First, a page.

Spectators “oohed” and “ahhed” as aircrafts performed dazzling aerobatic stunts over the beach at the 15th Annual Atlantic City Air Show on Wednesday, August 23. Observers on the boardwalk and beach, as well as boaters off the coast, looked on as World War II-era planes trailing white smoke crisscrossed with one another, and Army helicopters performed fast rope demos.
Finally, the headliners, United States Air Force Thunderbirds in their F-16 fighter jets, made high-speed passes overhead.
From Jet Skis to Jet Speed
Hosted by the Atlantic City Chamber of Commerce, the air show this year drew an enormous crowd and was visible to an estimated 400,000 people in the general area, according to Chris Howard, executive director of the Casino Reinvestment and Development Authority, one of the event’s sponsors.
“I’m amazed by this every year,” Howard said, commenting on the vast array of aerial demos; which, in addition to the main events, feature parachute jumps, a Russian MiG fighter, and fly-bys from a U.S. Navy F-18 Super Hornet.
Though the sun peeked out only periodically on the mostly overcast day, the brightest spot at the air show was the Thunderbirds demonstration.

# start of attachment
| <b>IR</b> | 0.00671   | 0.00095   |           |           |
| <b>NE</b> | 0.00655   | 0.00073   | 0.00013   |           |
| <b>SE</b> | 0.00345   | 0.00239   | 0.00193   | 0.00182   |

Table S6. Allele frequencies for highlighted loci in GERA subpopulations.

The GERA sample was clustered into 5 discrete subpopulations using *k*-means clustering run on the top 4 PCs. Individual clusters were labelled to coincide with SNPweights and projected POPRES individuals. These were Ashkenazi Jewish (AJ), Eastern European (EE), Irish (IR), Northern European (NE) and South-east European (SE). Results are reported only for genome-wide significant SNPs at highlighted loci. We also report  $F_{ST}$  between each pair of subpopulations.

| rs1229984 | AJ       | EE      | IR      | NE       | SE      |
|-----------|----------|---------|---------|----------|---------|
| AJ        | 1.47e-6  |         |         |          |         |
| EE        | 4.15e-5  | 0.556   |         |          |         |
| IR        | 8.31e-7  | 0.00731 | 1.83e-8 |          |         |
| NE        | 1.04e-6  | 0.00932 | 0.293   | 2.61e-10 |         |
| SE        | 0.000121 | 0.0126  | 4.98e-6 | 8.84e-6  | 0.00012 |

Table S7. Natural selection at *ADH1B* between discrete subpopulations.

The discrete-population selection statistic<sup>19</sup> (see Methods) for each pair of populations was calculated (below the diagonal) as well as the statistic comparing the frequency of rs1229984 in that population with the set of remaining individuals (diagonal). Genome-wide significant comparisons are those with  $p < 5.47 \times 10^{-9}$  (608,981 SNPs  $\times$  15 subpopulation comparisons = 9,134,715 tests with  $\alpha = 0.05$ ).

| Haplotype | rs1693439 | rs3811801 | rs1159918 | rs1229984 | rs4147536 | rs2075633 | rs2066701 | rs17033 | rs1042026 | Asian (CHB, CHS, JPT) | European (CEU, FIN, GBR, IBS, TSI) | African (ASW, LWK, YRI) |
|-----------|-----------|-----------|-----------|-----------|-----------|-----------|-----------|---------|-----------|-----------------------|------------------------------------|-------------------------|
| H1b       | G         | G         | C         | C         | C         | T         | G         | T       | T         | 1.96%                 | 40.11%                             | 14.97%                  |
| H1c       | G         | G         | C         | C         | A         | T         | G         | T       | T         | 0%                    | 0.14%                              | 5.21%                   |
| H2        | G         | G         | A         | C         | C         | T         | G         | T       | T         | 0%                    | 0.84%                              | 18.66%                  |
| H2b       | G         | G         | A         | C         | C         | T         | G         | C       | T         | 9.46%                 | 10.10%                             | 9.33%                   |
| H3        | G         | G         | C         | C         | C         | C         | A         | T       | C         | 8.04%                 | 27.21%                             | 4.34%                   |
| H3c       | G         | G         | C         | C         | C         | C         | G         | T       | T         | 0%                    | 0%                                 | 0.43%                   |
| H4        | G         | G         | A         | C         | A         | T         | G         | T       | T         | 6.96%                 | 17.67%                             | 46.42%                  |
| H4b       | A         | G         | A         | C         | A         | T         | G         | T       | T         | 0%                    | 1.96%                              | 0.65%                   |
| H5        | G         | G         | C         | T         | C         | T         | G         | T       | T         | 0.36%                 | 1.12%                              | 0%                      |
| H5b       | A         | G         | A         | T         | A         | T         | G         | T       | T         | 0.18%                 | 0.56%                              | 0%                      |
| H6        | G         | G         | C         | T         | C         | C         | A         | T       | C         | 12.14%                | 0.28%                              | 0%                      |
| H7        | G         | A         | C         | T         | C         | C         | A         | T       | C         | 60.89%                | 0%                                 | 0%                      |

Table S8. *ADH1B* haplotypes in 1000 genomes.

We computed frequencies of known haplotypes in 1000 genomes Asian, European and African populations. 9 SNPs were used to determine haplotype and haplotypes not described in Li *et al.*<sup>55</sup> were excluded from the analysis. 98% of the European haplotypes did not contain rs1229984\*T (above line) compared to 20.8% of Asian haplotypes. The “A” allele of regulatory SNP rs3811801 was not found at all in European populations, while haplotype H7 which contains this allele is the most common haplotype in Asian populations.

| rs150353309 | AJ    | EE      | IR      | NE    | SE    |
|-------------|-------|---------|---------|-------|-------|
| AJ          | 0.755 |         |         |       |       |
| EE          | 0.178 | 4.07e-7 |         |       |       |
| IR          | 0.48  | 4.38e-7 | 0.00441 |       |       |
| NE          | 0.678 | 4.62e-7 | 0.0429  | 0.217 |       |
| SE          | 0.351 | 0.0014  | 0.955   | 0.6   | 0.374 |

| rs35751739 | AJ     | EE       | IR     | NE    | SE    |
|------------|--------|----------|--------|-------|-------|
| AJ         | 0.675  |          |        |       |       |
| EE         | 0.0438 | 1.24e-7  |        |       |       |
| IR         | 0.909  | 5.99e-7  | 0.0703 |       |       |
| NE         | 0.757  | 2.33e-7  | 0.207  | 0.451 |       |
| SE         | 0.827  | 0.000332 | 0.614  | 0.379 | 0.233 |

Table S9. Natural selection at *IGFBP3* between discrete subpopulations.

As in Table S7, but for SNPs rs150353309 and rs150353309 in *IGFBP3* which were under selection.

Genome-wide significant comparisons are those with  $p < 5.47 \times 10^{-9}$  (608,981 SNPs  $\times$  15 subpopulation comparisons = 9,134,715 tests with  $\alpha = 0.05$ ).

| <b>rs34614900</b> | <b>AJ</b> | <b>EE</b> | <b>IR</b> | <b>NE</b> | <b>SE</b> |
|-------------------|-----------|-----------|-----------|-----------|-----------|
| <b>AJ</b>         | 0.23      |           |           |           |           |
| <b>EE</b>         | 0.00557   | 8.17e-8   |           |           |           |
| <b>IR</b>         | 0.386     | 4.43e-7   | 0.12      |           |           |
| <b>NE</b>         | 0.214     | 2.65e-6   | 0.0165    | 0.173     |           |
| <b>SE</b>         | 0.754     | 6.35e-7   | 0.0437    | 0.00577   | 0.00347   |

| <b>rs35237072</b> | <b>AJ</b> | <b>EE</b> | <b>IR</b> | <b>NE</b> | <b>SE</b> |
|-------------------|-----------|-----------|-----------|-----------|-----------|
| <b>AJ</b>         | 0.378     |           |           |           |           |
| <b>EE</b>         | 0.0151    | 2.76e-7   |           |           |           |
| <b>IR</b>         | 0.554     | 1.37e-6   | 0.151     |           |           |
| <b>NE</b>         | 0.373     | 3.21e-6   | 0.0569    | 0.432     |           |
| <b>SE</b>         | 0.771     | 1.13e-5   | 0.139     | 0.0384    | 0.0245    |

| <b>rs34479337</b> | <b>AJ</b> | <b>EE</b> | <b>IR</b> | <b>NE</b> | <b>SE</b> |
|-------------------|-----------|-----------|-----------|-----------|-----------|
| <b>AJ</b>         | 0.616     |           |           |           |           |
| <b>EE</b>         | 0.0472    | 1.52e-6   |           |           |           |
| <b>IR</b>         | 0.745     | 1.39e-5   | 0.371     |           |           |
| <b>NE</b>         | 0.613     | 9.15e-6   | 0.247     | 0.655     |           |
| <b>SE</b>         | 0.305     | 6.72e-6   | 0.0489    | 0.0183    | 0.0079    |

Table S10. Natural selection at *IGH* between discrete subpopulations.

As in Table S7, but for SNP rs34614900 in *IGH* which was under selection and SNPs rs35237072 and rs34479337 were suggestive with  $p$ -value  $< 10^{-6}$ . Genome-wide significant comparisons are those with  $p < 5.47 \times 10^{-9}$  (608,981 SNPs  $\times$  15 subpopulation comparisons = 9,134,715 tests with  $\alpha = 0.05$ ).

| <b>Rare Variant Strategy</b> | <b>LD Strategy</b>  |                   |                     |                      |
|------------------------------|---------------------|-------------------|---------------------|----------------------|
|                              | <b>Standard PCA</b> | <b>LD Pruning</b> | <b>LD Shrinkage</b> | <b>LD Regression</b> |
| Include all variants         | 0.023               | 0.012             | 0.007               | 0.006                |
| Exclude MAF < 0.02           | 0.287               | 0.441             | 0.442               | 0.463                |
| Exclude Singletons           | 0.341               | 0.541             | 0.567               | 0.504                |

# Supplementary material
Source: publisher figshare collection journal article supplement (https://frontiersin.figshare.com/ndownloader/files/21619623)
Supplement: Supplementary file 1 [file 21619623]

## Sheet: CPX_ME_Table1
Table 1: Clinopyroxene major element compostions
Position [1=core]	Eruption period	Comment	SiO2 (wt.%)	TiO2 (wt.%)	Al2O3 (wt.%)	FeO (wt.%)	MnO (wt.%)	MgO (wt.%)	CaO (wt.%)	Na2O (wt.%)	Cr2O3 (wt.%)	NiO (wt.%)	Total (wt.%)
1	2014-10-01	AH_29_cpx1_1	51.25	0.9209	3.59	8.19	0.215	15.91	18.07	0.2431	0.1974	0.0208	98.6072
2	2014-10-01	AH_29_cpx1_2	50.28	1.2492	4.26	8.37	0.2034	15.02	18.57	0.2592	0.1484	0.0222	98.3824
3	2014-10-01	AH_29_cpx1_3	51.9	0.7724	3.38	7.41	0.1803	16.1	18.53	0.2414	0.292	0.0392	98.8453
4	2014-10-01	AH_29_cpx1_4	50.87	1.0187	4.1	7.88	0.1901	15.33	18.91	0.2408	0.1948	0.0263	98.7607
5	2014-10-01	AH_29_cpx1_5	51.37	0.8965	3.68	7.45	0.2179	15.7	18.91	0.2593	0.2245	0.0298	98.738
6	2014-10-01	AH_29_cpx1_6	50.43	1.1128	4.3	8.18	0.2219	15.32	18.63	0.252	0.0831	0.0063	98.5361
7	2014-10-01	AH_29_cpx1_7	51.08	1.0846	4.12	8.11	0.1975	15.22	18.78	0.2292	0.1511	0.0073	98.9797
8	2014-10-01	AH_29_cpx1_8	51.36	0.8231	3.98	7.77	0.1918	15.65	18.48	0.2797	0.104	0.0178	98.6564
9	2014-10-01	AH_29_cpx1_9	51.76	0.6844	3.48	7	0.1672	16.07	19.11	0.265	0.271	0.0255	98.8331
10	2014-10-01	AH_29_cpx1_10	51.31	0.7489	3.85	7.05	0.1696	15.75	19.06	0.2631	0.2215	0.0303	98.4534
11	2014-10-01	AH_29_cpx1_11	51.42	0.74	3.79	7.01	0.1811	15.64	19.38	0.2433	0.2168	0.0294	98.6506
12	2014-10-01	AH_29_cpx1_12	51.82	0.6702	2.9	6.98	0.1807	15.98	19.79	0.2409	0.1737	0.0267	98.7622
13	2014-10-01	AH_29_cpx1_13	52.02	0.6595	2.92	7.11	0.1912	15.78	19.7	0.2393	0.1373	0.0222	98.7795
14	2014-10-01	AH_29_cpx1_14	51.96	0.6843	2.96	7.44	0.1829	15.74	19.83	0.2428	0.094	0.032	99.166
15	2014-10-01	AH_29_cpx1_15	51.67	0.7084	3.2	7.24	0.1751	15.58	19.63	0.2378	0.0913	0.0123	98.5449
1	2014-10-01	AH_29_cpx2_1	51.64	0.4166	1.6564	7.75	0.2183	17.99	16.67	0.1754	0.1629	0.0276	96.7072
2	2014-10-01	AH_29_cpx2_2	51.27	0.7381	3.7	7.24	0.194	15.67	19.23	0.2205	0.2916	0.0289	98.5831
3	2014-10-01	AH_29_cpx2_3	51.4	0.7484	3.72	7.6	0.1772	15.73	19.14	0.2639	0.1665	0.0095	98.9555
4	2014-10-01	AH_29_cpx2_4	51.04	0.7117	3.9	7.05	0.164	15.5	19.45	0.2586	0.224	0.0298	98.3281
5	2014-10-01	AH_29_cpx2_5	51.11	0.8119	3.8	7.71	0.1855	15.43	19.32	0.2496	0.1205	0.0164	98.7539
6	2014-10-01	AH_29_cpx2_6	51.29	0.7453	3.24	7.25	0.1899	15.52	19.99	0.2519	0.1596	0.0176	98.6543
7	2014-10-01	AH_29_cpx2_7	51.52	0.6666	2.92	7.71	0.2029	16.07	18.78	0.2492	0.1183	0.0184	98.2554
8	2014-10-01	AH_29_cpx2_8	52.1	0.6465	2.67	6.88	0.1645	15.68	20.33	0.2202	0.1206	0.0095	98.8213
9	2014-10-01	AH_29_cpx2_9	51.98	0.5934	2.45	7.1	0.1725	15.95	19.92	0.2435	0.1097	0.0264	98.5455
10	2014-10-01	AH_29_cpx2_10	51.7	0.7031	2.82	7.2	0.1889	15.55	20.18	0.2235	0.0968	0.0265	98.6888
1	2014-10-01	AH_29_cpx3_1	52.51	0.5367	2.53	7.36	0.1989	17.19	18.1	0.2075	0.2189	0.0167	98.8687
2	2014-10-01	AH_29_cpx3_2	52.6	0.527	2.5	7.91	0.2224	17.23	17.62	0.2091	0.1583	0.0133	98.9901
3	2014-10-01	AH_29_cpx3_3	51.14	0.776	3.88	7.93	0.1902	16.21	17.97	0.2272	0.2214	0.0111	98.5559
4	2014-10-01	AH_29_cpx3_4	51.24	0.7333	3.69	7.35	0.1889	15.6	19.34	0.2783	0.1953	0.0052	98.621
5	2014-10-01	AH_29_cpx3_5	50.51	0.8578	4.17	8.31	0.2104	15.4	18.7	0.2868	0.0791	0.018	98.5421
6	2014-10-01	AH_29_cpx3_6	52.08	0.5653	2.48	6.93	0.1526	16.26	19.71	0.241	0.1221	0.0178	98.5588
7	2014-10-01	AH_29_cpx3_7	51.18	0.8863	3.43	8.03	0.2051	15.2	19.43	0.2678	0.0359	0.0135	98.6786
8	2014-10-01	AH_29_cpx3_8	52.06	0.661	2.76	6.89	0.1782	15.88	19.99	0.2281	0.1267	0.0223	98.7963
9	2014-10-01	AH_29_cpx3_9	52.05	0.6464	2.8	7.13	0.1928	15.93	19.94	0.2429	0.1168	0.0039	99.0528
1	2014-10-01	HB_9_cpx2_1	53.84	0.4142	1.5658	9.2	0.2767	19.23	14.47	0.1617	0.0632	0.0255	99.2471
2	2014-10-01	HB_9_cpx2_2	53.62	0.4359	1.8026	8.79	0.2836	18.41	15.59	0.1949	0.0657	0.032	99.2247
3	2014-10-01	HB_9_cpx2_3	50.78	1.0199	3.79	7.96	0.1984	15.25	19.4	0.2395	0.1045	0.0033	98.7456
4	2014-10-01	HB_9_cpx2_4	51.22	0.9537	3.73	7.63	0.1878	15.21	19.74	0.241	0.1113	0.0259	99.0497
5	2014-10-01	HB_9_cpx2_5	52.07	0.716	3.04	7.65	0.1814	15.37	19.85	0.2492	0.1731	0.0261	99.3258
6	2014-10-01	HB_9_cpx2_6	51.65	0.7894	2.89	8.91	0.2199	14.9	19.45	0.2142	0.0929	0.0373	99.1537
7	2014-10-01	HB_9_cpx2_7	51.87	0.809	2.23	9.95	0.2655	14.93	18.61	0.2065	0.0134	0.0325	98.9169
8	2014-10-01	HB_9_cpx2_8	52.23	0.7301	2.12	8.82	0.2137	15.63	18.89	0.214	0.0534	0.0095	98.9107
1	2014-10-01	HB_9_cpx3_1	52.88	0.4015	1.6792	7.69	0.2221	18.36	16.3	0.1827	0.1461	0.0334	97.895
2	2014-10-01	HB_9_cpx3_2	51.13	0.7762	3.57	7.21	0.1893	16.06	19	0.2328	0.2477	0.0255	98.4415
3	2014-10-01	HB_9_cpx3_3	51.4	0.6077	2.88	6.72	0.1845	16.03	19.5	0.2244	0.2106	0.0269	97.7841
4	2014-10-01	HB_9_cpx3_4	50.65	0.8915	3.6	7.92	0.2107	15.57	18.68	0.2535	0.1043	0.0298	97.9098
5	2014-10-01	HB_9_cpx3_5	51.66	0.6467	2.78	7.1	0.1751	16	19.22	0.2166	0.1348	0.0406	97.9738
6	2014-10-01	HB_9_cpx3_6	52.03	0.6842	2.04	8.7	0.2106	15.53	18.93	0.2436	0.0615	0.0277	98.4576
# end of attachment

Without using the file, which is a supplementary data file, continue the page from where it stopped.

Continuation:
The red, white and blue F-16s flew in tight diamond formation, performed barrel rolls, and executed oncoming high-speed passes within feet of each other. The jets flew at roughly 500 miles per hour; spectators could see the fighters flash past before the sound of their roaring jet engines hit the beach.
Capt. Sara Harper, the Thunderbirds’ public affairs officer, said the six pilots were hand-picked combat veterans who served throughout the Middle East. To apply for a spot on the Thunderbirds, an Air Force pilot must log 750 flight hours, but Harper said each man on the current roster as over 1,000.
Don’t Try This at Home
“All of the maneuvers take a lot of concentration and trust between the pilots,” she said.
Harper added that she hoped the demonstration inspired all those on the ground.
“We hope they are proud of the military and the United States Air Force, and we hope we represent the men and women of the Air Force well,” she said.
The annual air show attracts spectators from well outside of the South Jersey area.
Frank and Patricia Sarvas came from Reading, Pennsylvania to see Rob Holland in his specially designed MSX stunt plane.
“He does some incredible stuff,” Frank said.
“We come a lot,” Patricia added, noting that this was their seventh trip to the Atlantic City Air Show.
Organizing an air show as big as Atlantic City’s is a significant undertaking; one that, of course, involves substantial collaboration between the sponsors and the chamber, Howard, the CRDA director said. In fact, they’re already planning for next year’s event.
“This doesn’t happen without a massive effort on behalf of all agencies and companies,” he said. “It’s really a testament to the Atlantic City community.”
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